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Not all of Southern California’s beautiful and fascinating places are as well known as the Santa Monica Pier or Joshua Tree. Some of them are tucked away, waiting for an adventurous traveler to discover them. Here are seven hidden gems of Southern California, including the ruins of a socialist commune and a movie ranch you might recognize from your favorite Western.
Paramount began leasing this ranch to shoot Westerns in 1923, and the area is still used for that purpose today. Several scenes in Westworld were filmed here; specifically, fans might recognize this location from Dolores’s and Teddy’s flashbacks. Guests can visit the ranch for hiking and biking, and there’s a picnic area available for public use.
In the 1920s, a six-acre neighborhood of bungalows stood in San Pedro, blissfully overlooking the ocean. Yet in 1929, the structures began to slowly slide into the ocean. It was so slow that most of the bungalows were successfully moved, sans two that were lost forever. Since the 1940s, the area has been fenced off, and behind the fences are the ruins of the former neighborhood, covered in graffiti, and a stellar view. There’s been some talk of reopening the area to the public, though as of press time, it’s considered trespassing to explore beyond the fence.
In 1911, lawyer Job Harriman was poised to become the first Socialist mayor of Los Angeles. Unfortunately for Harriman, he made the mistake of agreeing to defend John and James McNamara, two brothers accused of orchestrating the infamous L.A. Times bombing that killed 20 people. When the McNamaras, previously believed by many to be innocent, confessed to the bombing, Harriman’s chances of winning the election were shot. In 1913, Harriman took off for the desert to build his own Socialist commune, Llano Del Rio. The commune flourished for a while, but struggles over water rights and losing younger men to WWI diminished its success. Today, all that remains are ruins, which can be freely traversed by passersby. It’s a solid day trip from L.A. and offers a chance to visit the nearby Charlie Brown Farms for sundries and a date shake.
The Dutch Chocolate Shop is unique because there is tile work, including 21 different tile murals, from Pasadena artist Ernest Batchelder lining the entire space. The shop opened in 1914, but it has had many alternate identities since. It was a cafeteria, a Metro PCS store, and an arcade where vendors hawked various wares. At one point, the tiles were mostly hidden from view. The current owner is struggling with the city on reopening the space, but guests can occasionally jump on the rare opportunity to take a tour of it in-person, or you can check out the video below or the virtual tour by photographer Craig Sauer here.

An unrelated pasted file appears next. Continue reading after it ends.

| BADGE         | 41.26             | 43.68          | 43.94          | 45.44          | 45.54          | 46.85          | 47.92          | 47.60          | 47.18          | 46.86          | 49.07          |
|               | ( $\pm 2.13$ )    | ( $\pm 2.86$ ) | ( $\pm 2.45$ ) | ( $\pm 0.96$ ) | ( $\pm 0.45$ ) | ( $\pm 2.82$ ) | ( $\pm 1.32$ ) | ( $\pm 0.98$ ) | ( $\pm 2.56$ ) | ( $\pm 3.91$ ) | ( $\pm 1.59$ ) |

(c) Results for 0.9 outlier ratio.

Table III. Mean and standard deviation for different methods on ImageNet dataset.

Materials & Applications, founded in 2002, is a nonprofit that exposes the public to experimental architecture. They frequently pop up interactive installations that those in the know can stop by for both education and amusement. TURF was a nine-hole mini-golf course that explored various Los Angeles issues, while The Kid Gets out of the Picture was a climbable structure that played with the idea of the English picturesque movement. These exhibits seem to magically appear in the middle of the city, occasionally in the courtyard of M&A’s Silver Lake headquarters. Follow M&A on Facebook to see what they’re up to now.
Torrey Pines State Natural Reserve is some 1,500 acres of gorgeous wilderness, yet it’s within the San Diego city boundaries. Because the area is a reserve and not a park, there are rules in place to ensure that it stays just as wild in the future as it is today. Guests who can follow those rules will witness a beautiful beach, stunning cliffs, and the trees from which this natural locale received its name. The cliffs can be dangerous, and experts warn to never sit beneath a fractured rock.